Friday, April 01, 2005

Steve R. Bissette's The Paleo Path: The History of Dino-Comics - Part 3

Note: The following is modified from Steve Bissette's introduction to the new collection of the comic book PALEO by Jim Lawson.

Jesse Marsh illustrated what might be the first ‘dinosaur pin-ups’ in Dell’s long-running comic book series adapted from Edgar Rice BurroughsTARZAN. These appeared shortly after the series’ maiden dinosaur epic “The Valley of the Monsters” (TARZAN #7, Jan.-Feb. 1949). The science was dubious at best, and the saurians were graced with Burroughs’ (and comic book writer Gaylord Du Bois’) resonant invented monikers for familiar dinosaurs -- tyrannosaurs were ‘Garths,’ triceratops were ‘Gryfs,’ pterosaurs were ‘Thidpars,’ etc. These were the creatures that roamed the lost land of Pal-Ul-Don, in which “The Valley of the Monsters” was nestled. Here, dinosaurs still roamed and the surrounding tribal people bred their unusual mounts: three-horned ‘Gryfs,’ wingless ‘Dyals,’ and other antediluvian creatures. From its earliest installments, almost every issue of TARZAN offered single-page ‘pin-ups’ offering tidbits of lore about Tarzan’s world, including the reptilian monsters of Pal-Ul-Don.

Though it was and is fashionable to debunk Marsh’s comic art as ‘primitive,’ he remains to my mind one of the true masters of his era -- and no comic artist before Marsh ever rendered animals with such tactile, believable life. His depictions of African and imaginary animal life seemed quite ‘real’ to me as a young reader, and they still do. His gryfs, garths, thidpars and dyals were utterly lifelike in an oddly blunt, pragmatic, primal way that lent gravity to the wildest of Du Bois’ Burroughs-inspired scripts.. The dinosaurs of other Dell comics I collected as a child -- Alex Toth’s efficient but unconvincing saurians for the Dell comics adaptations of the sf films THE LAND UNKNOWN (1957) and THE LOST WORLD (1960), the uncredited artist who illustrated the comic version of Irwin Allen’s documentary THE ANIMAL WORLD (1956) -- seemed pale indeed in the shadow of Marsh’s meaty saurians I still savor Marsh’s work on Dell’s movie comic DINOSAURUS! (1960). However fleeting, his single-page strips featuring dinosaurs in their own time and/or environment were savored snapshots of a dinosaur comic that might have been -- but wasn’t.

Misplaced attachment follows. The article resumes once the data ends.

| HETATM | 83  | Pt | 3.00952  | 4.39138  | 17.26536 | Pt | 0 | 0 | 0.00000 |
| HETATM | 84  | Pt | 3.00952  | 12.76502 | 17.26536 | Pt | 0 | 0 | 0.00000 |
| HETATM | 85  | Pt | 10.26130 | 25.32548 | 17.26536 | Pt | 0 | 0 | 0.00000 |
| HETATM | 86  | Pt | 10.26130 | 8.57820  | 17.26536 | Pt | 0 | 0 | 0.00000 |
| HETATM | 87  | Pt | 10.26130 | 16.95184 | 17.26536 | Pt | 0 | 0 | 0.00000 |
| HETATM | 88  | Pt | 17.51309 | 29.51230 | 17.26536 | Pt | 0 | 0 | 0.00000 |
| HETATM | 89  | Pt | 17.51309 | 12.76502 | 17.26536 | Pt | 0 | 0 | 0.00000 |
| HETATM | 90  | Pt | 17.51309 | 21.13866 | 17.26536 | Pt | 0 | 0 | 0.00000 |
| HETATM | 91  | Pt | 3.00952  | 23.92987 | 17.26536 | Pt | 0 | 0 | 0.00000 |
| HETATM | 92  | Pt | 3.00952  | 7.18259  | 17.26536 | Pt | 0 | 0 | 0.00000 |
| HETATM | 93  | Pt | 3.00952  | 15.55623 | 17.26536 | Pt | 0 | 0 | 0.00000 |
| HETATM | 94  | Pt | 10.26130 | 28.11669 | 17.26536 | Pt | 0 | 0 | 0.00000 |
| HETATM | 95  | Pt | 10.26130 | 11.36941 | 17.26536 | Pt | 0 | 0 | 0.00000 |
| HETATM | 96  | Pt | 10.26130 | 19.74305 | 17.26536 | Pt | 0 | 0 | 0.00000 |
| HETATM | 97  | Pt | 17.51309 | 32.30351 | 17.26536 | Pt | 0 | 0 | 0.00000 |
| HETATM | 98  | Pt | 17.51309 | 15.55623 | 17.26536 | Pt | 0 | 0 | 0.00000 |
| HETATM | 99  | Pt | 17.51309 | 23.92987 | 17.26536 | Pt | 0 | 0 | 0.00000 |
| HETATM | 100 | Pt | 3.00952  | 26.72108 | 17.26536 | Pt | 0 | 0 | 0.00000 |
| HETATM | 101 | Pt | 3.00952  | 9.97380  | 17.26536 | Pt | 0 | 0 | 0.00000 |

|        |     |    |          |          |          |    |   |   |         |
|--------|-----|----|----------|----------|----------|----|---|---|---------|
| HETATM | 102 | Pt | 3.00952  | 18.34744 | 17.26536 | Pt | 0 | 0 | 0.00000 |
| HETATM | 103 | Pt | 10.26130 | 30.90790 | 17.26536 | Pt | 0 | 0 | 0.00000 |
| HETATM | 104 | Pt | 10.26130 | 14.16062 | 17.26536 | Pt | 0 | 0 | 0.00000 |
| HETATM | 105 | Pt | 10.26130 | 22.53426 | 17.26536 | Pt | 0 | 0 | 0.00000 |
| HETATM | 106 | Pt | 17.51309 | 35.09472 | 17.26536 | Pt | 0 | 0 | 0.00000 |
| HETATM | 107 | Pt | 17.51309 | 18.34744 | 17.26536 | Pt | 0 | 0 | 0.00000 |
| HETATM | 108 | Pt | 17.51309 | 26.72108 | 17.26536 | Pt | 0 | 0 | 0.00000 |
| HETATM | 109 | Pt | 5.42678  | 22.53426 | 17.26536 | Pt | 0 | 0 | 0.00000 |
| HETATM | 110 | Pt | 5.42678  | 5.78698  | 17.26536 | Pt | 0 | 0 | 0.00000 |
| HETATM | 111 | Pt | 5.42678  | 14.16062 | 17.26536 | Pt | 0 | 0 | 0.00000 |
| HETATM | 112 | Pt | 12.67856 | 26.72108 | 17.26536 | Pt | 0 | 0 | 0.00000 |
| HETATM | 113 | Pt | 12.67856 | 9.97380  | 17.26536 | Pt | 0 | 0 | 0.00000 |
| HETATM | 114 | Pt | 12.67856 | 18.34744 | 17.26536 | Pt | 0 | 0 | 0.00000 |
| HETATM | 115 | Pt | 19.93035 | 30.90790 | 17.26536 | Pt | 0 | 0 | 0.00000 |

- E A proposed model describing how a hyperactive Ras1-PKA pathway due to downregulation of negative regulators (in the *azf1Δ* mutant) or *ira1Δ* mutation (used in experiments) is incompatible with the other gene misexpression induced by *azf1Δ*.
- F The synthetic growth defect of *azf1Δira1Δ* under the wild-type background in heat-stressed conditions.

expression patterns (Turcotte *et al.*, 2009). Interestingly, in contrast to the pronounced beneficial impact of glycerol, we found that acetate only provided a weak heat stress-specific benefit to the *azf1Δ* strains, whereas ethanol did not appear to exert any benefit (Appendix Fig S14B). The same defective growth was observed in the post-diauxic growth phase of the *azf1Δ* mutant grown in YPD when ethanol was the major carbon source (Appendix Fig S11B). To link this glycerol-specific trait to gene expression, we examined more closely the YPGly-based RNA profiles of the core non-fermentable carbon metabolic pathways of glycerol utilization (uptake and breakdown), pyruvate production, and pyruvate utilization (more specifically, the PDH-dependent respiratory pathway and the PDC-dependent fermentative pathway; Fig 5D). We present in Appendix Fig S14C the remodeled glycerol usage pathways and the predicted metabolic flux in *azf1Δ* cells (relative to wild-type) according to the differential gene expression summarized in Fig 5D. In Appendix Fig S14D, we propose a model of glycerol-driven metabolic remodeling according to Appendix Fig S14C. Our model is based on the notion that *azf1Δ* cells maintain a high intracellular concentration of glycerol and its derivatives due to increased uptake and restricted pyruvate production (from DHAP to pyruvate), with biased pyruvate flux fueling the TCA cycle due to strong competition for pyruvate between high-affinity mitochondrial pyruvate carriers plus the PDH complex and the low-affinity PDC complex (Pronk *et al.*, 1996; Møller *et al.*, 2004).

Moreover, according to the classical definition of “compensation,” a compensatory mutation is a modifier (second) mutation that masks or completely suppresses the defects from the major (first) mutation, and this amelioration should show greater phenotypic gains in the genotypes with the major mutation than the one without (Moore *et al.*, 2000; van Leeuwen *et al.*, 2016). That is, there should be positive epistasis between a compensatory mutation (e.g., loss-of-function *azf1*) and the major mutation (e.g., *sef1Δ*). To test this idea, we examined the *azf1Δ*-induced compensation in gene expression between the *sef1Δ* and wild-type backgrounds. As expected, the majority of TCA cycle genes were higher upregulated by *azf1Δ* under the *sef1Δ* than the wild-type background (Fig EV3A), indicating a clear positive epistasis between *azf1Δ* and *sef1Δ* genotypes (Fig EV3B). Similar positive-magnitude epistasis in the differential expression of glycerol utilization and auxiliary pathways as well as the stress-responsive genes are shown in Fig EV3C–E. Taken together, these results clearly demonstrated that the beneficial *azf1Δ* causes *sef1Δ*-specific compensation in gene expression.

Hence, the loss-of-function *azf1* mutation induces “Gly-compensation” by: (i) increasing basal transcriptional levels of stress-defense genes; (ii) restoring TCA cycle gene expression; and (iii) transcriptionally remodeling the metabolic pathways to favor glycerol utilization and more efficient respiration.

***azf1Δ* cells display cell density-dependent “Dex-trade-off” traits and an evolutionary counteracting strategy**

Joe Kubert's Mighty Tor!:

Contemporary with the early issues and success of Du Bois and Marsh’s TARZAN series for Dell, Joe Kubert followed suit in a more ambitious manner in his TOR comics series, which debuted in 1,000,000 YEARS B.C. (St. John, 1953Joe’s ‘straight, no-chaser’ revamp of “Alley Oop” was dead-serious and brimming with action, and from its first issue featured one-page solo portraits of the dinosaurs Kubert anachronistically co-starred with his titular caveman hero. Joe also scribed more ambitious informational narrative pieces, such as “The Story of Evolution” (in 3-D TOR, 1953), detailing the development of the Wooly Mammoth.

Along with Kubert’s distinctively muscular pen, brush, and ink renditions were the comparatively static, precision dinosaur illustrations by Kubert’s friend and peer Russ Heath. These dinosaur portraits were beautifully done, the tidbits of paleontological info in the captions lending verisimilitude to the entirety of Kubert’s prehistoric fantasy. But -- these still weren’t comics narratives. The key sequential narratives in TOR were dedicated to Tor’s adventures, and those of a modern boy whose dreams plunge him into the imaginary caveman-and-dinosaur era of Kubert’s comic (“Danny Dreams”).

O.K., it's not TOR, but it does feature some great dino-art by Russ Heath

Thus, the short ‘science’ features and one-pagers were again glimpses of a dinosaur comic that “could have been.” Joe’s later return to TOR -- in the pages of his adventurous but short-lived publishing experiment SOJOURN (1976-77), and his later TOR revival for Marvel’s second Epic Comics line ‘Heavy Hitters’ (1993) -- was leaner, meaner, and brimming with violent action featuring dinosaurs and wholly imaginary primordial creatures, but it still wasn’t a true dinosaur comic.

Next Week: Part 4 - The first of two parts on Turok, Son of Stone.

Read Part 2 of the series is HERE.

Steve R. Bissette is an artist, writer and film historian who lives in Vermont. He is noted for, amongst many things, his long run as illustrator of SWAMP THING for DC Comics in the 1980's and for self-publishing the acclaimed horror anthology TABOO and a 'real' dinosaur comic TYRANT(R).